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Ida


  1. Directed by: Pawel Pawlikowski
  2. Produced by:
  3. Written by: Pawel Pawlikowski
    Rebecca Lenkiewicz
  4. Music by: Kristian Eidnes Andersen
  5. Cinematography by: Ryszard Lenczewski
    Lukasz Zal
  6. Editing by: Jaroslaw Kaminski
  7. Release Date: 2013
  8. Running Time: 82
  9. Language: Polish, Latin, French

Clips

  1. A&F Discussion Thread
  2. IMDb.com
  3. Wikipedia
  4. Netflix

In his most recent film, director Pawel Pawlikowski grapples with belief, loss, and religious ambiguity in 1960s Communist Poland. The story’s protagonist, a novitiate nun named Anna, is suddenly faced with a crisis of faith when she learns of her family’s dark history. Submersion in the past eventually pushes Anna to question not only her personal identity, but also her commitment to God. Shot in rich monochrome, Ida uses disproportional angles and off-center framing to convey the feeling that life isn’t always as symmetrical as one would like. With powerful performances and a patient, lingering presence, Ida paints a beautiful portrait of faith by showing us that faith isn’t always so beautiful.  — Wade Bearden (Christ and Pop Culture; WadeBearden.com)


  1. Directed by: Pawel Pawlikowski
  2. Produced by:
  3. Written by: Pawel Pawlikowski
    Rebecca Lenkiewicz
  4. Music by: Kristian Eidnes Andersen
  5. Cinematography by: Ryszard Lenczewski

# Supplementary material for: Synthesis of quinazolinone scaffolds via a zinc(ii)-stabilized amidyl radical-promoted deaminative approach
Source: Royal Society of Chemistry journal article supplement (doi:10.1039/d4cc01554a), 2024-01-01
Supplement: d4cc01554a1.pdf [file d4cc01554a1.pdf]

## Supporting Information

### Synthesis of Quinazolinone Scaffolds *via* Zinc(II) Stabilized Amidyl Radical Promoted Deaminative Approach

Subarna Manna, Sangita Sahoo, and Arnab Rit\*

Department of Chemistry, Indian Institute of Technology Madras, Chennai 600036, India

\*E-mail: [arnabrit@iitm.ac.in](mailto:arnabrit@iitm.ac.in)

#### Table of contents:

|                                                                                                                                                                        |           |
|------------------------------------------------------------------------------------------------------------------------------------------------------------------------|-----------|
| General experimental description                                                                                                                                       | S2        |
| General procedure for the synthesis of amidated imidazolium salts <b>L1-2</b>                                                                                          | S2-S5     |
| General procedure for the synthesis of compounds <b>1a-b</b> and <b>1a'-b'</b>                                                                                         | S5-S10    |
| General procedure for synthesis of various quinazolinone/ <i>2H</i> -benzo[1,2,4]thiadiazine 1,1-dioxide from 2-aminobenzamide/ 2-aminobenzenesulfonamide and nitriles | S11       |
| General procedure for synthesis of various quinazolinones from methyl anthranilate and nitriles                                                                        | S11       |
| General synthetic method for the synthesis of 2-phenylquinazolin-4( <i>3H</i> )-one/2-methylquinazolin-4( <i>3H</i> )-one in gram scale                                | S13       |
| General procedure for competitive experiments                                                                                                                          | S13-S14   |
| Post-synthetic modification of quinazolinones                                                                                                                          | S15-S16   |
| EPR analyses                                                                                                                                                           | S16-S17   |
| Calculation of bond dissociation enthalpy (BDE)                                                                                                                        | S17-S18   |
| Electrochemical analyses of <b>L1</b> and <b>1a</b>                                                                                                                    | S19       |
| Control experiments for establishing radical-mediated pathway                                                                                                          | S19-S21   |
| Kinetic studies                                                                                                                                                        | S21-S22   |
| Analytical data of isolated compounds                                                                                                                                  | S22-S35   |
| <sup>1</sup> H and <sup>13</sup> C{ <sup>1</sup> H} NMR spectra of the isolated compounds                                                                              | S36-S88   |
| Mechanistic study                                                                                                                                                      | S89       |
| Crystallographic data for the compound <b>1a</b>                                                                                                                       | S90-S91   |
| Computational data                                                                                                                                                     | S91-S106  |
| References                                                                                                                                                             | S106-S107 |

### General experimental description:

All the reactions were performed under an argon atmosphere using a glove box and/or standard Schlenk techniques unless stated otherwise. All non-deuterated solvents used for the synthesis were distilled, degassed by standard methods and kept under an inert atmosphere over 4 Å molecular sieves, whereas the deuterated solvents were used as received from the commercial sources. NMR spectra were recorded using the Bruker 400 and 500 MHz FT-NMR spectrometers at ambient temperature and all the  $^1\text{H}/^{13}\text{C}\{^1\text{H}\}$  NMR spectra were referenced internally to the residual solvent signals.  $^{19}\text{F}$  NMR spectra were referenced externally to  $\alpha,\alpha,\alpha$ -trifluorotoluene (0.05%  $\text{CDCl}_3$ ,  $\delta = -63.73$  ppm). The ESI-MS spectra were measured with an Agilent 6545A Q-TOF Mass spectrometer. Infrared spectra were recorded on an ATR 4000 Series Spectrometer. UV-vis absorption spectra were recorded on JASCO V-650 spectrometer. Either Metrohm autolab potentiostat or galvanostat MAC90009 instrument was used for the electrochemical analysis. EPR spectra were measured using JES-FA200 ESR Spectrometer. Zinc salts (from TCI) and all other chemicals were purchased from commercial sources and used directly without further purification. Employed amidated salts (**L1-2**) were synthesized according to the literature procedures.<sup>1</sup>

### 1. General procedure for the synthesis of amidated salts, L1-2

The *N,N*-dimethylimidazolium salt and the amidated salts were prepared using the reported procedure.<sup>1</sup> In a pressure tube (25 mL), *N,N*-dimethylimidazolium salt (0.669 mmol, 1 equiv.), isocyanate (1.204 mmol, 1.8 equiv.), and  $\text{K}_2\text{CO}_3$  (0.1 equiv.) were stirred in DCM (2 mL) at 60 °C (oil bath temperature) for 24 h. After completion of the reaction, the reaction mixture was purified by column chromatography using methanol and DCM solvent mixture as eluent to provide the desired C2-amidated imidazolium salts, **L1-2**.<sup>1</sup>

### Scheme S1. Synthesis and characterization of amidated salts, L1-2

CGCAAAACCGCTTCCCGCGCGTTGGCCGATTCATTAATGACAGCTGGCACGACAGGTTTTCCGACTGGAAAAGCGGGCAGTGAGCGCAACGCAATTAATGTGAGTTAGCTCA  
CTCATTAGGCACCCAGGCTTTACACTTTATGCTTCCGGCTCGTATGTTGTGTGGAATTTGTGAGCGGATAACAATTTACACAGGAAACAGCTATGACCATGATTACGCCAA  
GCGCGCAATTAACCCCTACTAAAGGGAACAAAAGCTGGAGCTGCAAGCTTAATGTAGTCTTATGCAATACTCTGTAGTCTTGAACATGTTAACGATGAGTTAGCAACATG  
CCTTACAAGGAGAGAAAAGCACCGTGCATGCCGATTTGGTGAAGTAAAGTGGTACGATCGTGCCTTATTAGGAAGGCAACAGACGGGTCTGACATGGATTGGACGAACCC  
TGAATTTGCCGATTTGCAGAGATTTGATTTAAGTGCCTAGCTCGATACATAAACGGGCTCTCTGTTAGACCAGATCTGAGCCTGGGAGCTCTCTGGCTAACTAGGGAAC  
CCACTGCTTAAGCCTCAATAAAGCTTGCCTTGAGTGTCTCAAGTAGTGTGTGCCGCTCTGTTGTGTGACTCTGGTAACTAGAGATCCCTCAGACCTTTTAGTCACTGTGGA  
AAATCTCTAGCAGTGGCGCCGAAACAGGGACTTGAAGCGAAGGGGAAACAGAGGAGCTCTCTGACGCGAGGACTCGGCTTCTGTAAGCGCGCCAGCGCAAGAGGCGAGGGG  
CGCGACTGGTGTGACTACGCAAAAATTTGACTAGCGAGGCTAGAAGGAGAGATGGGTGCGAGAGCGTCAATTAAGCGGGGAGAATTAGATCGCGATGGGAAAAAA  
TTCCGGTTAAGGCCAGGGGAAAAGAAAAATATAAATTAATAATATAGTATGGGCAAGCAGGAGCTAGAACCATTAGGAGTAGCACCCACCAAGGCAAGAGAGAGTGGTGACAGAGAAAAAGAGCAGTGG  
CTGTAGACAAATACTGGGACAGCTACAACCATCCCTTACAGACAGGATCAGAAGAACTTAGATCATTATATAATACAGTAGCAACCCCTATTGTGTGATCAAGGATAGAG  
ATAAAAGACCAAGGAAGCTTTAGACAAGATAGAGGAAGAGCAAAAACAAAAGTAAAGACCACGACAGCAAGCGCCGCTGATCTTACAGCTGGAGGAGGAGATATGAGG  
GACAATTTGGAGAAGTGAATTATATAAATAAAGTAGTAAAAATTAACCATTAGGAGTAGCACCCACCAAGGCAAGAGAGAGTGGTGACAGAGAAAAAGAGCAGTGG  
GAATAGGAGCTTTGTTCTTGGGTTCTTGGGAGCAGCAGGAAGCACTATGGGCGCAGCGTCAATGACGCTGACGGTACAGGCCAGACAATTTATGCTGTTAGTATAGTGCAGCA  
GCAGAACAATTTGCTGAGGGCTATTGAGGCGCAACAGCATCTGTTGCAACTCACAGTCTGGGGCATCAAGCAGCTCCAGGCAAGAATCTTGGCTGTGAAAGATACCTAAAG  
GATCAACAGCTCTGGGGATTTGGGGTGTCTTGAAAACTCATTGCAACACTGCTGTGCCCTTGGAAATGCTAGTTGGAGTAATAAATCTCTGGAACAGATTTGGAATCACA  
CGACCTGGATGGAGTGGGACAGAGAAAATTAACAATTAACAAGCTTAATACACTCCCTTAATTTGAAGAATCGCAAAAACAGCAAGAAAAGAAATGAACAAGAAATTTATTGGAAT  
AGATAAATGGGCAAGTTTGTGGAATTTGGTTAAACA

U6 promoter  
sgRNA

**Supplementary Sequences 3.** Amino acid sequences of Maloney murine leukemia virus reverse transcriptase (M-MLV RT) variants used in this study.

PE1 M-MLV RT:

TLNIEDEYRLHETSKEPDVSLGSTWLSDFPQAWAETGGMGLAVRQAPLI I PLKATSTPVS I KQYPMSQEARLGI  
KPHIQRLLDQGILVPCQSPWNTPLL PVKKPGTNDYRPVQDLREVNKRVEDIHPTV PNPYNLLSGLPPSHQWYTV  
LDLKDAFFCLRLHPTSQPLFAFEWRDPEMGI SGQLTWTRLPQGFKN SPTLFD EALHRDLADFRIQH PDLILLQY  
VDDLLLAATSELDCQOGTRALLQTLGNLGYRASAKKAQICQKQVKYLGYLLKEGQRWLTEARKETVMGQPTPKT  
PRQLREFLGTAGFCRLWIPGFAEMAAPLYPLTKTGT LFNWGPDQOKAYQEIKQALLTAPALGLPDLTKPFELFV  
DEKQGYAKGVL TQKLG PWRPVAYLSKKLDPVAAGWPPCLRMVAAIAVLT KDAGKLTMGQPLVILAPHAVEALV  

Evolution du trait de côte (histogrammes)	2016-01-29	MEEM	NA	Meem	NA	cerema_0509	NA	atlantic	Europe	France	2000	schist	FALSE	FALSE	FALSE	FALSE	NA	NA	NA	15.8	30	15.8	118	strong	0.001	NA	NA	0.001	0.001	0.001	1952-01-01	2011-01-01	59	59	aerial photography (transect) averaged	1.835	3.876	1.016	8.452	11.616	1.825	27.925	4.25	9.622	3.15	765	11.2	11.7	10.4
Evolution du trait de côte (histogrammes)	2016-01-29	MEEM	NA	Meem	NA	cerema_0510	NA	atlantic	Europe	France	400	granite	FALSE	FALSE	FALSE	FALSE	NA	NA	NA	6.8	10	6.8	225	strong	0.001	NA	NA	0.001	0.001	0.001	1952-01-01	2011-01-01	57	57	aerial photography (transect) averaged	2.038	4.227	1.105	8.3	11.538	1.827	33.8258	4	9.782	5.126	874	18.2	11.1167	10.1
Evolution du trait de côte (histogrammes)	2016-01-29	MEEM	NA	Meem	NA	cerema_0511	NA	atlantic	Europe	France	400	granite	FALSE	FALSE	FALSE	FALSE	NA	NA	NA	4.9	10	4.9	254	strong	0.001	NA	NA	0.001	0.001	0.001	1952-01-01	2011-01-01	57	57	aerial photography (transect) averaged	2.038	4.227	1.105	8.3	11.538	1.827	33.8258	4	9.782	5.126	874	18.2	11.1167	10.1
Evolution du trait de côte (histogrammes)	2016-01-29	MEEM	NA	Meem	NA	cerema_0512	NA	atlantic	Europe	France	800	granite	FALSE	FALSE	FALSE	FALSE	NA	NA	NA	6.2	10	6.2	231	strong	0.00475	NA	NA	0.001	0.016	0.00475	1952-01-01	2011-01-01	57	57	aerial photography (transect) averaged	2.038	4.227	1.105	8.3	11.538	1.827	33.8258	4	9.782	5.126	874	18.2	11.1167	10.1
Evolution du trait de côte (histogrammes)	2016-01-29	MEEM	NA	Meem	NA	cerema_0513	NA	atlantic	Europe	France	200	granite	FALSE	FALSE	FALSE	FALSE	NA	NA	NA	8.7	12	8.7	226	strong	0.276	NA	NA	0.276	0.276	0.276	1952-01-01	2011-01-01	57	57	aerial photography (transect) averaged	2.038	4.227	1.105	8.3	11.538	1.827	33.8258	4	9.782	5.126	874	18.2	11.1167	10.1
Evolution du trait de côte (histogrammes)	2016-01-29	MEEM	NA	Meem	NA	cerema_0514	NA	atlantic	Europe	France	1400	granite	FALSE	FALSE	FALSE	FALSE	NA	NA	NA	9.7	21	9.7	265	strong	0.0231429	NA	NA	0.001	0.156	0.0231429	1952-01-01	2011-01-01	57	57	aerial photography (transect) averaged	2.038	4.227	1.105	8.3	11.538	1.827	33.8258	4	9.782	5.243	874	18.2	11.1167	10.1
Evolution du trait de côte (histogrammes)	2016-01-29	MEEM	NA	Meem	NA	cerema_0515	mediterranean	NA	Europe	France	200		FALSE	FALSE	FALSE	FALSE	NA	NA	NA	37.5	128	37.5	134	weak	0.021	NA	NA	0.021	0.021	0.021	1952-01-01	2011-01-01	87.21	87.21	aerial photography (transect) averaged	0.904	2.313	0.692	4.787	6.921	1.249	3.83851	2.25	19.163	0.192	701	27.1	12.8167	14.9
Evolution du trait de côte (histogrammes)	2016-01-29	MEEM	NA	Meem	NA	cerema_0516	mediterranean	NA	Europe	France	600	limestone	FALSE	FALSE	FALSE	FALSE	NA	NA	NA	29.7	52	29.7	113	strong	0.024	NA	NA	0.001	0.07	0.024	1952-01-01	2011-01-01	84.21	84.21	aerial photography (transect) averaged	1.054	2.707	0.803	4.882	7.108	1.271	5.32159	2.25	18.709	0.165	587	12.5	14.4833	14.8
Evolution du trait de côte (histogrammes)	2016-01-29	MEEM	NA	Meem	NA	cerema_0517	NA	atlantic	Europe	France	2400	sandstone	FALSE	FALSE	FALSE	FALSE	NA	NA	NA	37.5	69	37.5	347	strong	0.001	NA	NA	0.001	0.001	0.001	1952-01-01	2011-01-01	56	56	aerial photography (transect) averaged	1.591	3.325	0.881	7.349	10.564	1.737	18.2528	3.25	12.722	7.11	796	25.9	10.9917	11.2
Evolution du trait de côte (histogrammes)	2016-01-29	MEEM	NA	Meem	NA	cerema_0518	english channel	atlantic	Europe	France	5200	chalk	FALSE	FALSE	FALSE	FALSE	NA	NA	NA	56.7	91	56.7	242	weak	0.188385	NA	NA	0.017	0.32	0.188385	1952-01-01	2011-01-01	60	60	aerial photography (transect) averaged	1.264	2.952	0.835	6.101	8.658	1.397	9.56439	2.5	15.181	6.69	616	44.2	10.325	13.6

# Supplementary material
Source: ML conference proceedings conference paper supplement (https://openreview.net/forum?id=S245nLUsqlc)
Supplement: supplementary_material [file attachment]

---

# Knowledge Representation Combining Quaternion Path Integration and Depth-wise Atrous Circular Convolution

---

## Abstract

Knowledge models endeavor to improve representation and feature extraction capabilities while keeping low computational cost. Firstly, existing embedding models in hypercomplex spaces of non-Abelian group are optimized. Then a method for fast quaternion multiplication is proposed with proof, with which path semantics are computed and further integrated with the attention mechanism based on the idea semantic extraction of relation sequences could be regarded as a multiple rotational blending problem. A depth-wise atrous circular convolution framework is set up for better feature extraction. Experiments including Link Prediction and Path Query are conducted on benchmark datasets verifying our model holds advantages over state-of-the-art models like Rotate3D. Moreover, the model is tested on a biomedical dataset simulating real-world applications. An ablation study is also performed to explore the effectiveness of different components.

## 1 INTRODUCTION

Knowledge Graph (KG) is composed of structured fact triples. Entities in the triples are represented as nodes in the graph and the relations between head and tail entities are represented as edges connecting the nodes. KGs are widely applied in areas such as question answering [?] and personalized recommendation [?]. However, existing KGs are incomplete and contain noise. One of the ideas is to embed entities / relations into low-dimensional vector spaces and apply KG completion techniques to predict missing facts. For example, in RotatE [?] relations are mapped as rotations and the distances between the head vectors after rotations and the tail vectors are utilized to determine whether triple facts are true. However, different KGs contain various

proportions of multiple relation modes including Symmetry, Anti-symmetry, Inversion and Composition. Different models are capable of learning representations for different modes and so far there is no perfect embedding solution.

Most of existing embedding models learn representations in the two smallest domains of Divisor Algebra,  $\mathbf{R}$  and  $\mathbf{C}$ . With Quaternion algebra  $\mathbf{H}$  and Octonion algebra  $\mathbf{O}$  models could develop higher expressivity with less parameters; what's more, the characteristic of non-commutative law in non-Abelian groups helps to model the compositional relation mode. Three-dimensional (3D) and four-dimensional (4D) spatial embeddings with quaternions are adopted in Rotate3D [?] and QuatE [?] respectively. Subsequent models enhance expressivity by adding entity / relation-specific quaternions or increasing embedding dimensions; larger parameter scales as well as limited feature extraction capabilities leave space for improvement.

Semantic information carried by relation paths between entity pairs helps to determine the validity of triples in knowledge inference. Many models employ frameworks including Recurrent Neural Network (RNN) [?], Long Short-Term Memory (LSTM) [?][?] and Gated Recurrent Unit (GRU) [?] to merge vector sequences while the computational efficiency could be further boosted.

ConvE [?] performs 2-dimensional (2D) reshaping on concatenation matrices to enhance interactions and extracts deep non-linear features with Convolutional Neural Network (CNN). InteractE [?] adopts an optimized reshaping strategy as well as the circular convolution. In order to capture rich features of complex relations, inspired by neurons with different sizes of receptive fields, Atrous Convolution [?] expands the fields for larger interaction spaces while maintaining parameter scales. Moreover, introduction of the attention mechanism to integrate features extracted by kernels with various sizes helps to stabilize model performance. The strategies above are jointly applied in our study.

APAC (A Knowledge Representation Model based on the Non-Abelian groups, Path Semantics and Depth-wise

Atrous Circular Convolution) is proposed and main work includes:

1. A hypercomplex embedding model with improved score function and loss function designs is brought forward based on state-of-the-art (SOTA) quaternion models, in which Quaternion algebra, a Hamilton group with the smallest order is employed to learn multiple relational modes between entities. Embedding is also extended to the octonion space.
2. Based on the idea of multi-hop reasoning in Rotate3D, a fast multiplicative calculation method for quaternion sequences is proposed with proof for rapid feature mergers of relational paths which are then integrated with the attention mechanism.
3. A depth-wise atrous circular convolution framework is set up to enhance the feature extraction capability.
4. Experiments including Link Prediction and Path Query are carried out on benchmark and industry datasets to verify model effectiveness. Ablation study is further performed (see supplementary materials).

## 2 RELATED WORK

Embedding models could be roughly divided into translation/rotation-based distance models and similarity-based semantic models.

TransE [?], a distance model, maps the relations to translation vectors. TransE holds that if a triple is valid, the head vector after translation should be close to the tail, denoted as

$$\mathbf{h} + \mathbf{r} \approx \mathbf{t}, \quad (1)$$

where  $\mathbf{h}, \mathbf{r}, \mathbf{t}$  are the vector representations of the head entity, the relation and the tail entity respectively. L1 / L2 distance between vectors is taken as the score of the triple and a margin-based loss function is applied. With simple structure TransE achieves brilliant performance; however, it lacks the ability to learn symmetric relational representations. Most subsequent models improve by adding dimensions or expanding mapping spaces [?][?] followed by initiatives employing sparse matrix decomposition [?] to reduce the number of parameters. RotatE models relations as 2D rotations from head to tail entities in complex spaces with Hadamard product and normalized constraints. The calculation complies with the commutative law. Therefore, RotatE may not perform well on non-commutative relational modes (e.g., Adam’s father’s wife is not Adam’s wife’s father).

Lukasz Zal
  6. Editing by: Jaroslaw Kaminski
  7. Release Date: 2013
  8. Running Time: 82
  9. Language: Polish, Latin, French

Clips

  1. A&F Discussion Thread
  2. IMDb.com
  3. Wikipedia
  4. Netflix

In his most recent film, director Pawel Pawlikowski grapples with belief, loss, and religious ambiguity in 1960s Communist Poland. The story’s protagonist, a novitiate nun named Anna, is suddenly faced with a crisis of faith when she learns of her family’s dark history. Submersion in the past eventually pushes Anna to question not only her personal identity, but also her commitment to God. Shot in rich monochrome, Ida uses disproportional angles and off-center framing to convey the feeling that life isn’t always as symmetrical as one would like. With powerful performances and a patient, lingering presence, Ida paints a beautiful portrait of faith by showing us that faith isn’t always so beautiful.  — Wade Bearden (Christ and Pop Culture; WadeBearden.com)

In his most recent film, director Pawel Pawlikowski grapples with belief, loss, and religious ambiguity in 1960s Communist Poland. The story’s protagonist, a novitiate nun named Anna, is suddenly faced with a crisis of faith when she learns of her family’s dark history. Submersion in the past eventually pushes Anna to question not only her personal identity, but also her commitment to God. Shot in rich monochrome, Ida uses disproportional angles and off-center framing to convey the feeling that life isn’t always as symmetrical as one would like. With powerful performances and a patient, lingering presence, Ida paints a beautiful portrait of faith by showing us that faith isn’t always so beautiful.  — Wade Bearden (Christ and Pop Culture; WadeBearden.com)


  1. Directed by: Pawel Pawlikowski
  2. Produced by:
  3. Written by: Pawel Pawlikowski
    Rebecca Lenkiewicz
  4. Music by: Kristian Eidnes Andersen
  5. Cinematography by: Ryszard Lenczewski
    Lukasz Zal
  6. Editing by: Jaroslaw Kaminski
  7. Release Date: 2013
  8. Running Time: 82
  9. Language: Polish, Latin, French

Clips

  1. A&F Discussion Thread
  2. IMDb.com
  3. Wikipedia
  4. Netflix
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